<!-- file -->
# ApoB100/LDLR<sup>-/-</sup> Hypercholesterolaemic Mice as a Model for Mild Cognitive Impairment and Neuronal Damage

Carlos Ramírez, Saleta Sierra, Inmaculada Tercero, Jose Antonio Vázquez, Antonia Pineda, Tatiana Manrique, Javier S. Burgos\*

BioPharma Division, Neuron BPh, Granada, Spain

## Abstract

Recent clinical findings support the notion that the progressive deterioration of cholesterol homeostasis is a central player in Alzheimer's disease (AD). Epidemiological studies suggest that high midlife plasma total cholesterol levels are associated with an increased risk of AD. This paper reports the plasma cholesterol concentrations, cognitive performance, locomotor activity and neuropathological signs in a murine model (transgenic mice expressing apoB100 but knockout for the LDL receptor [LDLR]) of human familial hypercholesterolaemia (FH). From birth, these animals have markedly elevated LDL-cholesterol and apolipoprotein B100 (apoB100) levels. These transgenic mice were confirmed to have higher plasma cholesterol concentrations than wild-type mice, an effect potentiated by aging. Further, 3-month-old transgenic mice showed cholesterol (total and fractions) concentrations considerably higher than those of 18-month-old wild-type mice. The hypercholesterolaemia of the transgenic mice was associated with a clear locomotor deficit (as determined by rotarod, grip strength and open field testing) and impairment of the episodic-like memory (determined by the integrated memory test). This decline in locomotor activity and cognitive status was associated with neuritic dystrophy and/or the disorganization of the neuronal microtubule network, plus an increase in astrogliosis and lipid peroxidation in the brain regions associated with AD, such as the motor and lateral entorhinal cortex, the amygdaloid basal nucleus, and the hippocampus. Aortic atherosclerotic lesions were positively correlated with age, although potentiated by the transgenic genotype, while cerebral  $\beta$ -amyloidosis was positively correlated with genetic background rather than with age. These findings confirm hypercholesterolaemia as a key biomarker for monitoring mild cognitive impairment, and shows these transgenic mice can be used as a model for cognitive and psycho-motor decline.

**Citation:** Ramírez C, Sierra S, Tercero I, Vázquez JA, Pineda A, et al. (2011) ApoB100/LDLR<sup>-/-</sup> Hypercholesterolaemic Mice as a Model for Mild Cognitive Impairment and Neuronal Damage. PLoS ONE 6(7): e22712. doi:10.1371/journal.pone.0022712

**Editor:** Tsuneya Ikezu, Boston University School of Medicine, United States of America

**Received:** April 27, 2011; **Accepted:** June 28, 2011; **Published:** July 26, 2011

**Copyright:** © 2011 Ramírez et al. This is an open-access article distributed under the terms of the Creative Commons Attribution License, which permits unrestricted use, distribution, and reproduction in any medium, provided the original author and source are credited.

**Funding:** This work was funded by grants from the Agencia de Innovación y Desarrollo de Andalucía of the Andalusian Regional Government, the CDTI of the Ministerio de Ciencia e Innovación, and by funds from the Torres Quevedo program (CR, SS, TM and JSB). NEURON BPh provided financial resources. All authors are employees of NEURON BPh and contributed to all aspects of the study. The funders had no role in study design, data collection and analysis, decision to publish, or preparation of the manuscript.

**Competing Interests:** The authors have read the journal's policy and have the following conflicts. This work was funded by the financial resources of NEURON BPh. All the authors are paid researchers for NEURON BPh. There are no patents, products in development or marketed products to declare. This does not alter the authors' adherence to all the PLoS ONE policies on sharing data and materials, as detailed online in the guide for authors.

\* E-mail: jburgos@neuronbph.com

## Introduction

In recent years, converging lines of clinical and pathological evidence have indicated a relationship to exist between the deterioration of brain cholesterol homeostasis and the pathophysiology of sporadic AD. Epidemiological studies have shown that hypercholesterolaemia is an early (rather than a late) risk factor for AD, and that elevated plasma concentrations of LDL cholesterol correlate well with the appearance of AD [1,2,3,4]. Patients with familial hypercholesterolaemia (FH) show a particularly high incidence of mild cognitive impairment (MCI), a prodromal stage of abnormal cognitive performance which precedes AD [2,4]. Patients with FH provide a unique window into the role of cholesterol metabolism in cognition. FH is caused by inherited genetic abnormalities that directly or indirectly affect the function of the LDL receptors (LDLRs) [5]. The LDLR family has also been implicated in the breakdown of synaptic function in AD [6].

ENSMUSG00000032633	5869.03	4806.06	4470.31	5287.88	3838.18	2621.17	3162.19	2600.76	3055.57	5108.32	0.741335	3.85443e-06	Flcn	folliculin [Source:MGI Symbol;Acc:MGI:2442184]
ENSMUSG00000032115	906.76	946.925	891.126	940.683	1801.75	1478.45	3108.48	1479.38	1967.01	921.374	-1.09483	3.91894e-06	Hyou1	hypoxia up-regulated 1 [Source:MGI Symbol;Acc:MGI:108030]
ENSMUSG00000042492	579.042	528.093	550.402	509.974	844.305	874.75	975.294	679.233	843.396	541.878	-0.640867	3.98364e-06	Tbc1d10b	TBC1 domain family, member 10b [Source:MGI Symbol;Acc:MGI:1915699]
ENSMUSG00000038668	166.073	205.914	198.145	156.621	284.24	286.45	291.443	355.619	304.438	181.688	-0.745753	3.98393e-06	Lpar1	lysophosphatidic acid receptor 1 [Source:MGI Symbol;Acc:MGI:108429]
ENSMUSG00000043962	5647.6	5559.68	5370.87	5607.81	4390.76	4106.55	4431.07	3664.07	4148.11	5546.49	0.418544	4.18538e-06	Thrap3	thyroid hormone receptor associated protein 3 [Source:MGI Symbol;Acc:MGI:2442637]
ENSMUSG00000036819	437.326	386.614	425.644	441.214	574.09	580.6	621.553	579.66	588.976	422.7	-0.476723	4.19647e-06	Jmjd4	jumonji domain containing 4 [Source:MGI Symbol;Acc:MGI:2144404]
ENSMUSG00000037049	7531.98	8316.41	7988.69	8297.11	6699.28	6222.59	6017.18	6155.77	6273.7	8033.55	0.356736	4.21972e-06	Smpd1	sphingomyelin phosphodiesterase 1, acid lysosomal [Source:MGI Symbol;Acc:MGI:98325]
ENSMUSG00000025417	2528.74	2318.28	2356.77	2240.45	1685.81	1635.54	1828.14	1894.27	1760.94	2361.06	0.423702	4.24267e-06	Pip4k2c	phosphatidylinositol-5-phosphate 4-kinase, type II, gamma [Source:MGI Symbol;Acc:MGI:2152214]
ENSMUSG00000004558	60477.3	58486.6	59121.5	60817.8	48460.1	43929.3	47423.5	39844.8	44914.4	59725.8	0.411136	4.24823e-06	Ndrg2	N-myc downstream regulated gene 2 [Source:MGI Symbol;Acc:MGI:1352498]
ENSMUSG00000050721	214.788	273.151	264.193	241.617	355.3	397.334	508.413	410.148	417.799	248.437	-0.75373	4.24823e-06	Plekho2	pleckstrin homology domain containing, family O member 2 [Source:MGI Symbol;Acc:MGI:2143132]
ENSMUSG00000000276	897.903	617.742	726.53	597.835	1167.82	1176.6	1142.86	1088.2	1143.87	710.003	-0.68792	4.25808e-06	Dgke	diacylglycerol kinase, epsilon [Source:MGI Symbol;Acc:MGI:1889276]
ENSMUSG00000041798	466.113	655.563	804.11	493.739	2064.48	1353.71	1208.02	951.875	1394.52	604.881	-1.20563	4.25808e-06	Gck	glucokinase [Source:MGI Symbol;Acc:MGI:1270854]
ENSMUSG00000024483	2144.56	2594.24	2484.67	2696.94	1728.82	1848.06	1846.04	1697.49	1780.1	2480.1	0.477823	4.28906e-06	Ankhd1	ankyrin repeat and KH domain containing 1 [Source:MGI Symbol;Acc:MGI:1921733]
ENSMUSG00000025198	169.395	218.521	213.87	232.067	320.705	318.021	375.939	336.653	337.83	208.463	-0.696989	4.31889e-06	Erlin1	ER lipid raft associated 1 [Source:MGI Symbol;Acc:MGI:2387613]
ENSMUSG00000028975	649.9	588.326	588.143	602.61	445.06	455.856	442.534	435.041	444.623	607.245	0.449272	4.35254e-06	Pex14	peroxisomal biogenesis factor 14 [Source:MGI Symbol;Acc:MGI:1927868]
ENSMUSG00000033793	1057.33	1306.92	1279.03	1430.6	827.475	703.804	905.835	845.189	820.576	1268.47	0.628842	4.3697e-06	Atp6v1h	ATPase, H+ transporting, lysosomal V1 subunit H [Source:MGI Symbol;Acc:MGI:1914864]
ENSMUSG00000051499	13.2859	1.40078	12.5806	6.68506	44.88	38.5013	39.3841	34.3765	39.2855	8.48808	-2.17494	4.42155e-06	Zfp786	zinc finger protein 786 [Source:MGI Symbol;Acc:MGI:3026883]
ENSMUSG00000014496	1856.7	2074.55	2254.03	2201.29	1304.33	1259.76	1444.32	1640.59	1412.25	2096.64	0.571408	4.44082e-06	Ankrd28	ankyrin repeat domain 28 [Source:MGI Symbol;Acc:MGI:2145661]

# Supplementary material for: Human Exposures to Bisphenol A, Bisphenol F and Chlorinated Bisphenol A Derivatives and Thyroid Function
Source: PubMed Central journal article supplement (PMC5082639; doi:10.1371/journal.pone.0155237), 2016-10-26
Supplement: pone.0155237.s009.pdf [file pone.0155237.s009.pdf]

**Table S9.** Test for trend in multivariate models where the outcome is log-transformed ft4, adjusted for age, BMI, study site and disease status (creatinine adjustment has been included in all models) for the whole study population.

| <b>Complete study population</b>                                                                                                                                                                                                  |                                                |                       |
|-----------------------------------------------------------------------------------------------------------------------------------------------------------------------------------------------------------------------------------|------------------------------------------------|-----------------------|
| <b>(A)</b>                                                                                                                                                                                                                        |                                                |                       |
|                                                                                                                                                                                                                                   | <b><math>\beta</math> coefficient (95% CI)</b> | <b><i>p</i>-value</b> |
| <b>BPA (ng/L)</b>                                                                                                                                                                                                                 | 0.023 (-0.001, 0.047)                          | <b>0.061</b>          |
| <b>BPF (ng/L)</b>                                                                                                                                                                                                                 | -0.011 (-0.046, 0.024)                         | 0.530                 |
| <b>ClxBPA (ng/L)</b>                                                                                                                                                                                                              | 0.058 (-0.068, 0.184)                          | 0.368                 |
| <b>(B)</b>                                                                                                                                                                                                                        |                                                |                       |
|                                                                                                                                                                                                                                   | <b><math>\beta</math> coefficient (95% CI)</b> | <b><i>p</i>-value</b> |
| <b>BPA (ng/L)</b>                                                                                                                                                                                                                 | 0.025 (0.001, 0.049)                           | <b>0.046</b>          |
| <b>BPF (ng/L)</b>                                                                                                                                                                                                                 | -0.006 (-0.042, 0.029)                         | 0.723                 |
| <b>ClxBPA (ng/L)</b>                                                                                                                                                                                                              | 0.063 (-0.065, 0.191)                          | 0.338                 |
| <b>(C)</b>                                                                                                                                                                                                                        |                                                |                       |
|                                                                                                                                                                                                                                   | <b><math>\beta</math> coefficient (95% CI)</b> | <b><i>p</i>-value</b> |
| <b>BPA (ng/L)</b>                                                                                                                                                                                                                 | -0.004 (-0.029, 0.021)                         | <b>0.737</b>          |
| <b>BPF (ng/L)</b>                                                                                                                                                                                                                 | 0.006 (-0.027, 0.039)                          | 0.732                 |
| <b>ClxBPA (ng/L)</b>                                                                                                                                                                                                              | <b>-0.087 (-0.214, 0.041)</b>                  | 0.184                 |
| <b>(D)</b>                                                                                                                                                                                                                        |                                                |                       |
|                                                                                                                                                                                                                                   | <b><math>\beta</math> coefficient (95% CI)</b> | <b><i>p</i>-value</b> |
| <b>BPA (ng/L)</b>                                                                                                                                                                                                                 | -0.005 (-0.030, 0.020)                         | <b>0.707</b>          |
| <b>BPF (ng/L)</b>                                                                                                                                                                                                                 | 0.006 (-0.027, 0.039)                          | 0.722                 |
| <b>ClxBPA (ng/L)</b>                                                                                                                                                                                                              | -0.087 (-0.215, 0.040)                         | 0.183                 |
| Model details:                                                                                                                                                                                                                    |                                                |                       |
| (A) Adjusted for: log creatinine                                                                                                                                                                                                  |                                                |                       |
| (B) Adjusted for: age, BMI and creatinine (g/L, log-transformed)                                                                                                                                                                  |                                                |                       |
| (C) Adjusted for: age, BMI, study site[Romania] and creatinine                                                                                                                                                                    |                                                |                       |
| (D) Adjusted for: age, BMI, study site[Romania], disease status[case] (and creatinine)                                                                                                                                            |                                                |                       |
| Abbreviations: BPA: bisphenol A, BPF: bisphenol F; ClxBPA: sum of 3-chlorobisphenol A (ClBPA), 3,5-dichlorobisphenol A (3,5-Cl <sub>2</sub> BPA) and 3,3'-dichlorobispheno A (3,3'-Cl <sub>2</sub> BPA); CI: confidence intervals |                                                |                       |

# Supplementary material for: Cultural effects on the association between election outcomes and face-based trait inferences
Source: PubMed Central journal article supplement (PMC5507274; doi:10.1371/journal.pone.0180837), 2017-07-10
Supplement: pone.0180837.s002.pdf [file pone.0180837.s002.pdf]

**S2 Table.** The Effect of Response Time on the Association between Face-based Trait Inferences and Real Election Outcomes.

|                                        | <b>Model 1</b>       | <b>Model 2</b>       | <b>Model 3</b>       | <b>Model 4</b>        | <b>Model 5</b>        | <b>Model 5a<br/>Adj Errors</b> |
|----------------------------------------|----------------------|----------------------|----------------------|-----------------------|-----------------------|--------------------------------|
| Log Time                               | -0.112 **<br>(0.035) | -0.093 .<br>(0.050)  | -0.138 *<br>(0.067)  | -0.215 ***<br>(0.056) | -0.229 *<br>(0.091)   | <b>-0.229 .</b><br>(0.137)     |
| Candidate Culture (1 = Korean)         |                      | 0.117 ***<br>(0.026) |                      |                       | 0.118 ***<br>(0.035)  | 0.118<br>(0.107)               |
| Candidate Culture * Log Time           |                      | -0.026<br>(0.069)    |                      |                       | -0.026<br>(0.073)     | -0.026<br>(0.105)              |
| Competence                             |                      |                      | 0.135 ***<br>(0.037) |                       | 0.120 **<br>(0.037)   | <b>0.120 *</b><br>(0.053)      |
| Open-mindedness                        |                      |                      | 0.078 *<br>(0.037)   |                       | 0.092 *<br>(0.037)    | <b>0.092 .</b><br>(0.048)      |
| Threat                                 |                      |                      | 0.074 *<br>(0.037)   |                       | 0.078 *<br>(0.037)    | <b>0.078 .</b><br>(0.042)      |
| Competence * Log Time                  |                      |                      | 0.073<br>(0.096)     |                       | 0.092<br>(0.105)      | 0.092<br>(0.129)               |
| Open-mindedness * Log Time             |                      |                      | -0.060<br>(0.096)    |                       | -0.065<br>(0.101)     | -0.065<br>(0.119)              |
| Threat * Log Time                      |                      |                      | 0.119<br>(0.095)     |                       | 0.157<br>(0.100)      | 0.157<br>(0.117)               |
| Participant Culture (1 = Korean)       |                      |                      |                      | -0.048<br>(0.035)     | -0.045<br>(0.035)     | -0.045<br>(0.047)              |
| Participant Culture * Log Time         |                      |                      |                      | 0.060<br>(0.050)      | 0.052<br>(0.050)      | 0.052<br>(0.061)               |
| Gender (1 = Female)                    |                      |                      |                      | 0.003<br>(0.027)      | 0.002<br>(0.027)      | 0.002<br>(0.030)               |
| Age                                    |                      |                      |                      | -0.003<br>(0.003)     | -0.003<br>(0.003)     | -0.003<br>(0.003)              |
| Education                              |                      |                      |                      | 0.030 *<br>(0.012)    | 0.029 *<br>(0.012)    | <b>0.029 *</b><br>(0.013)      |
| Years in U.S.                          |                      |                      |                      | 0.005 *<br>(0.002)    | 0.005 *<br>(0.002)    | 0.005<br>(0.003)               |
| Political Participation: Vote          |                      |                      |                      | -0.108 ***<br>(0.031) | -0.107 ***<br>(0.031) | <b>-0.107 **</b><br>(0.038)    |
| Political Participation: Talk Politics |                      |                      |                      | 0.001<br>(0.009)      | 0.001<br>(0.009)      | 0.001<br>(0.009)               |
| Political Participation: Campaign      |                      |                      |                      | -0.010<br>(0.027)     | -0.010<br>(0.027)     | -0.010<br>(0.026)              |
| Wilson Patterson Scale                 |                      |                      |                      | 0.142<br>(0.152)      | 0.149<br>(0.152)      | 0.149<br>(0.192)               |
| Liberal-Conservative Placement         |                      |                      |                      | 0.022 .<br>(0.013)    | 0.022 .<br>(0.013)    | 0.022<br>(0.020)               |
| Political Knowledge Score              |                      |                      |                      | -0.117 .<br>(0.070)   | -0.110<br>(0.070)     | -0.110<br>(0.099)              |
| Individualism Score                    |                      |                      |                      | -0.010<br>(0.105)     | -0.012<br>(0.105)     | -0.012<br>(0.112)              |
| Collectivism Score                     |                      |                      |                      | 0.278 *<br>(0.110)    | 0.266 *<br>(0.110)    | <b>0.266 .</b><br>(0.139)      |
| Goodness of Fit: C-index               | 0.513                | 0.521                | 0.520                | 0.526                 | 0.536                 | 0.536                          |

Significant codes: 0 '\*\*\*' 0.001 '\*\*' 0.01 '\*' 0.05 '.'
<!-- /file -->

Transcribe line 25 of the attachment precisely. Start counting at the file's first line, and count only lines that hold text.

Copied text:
ENSMUSG00000000276	897.903	617.742	726.53	597.835	1167.82	1176.6	1142.86	1088.2	1143.87	710.003	-0.68792	4.25808e-06	Dgke	diacylglycerol kinase, epsilon [Source:MGI Symbol;Acc:MGI:1889276]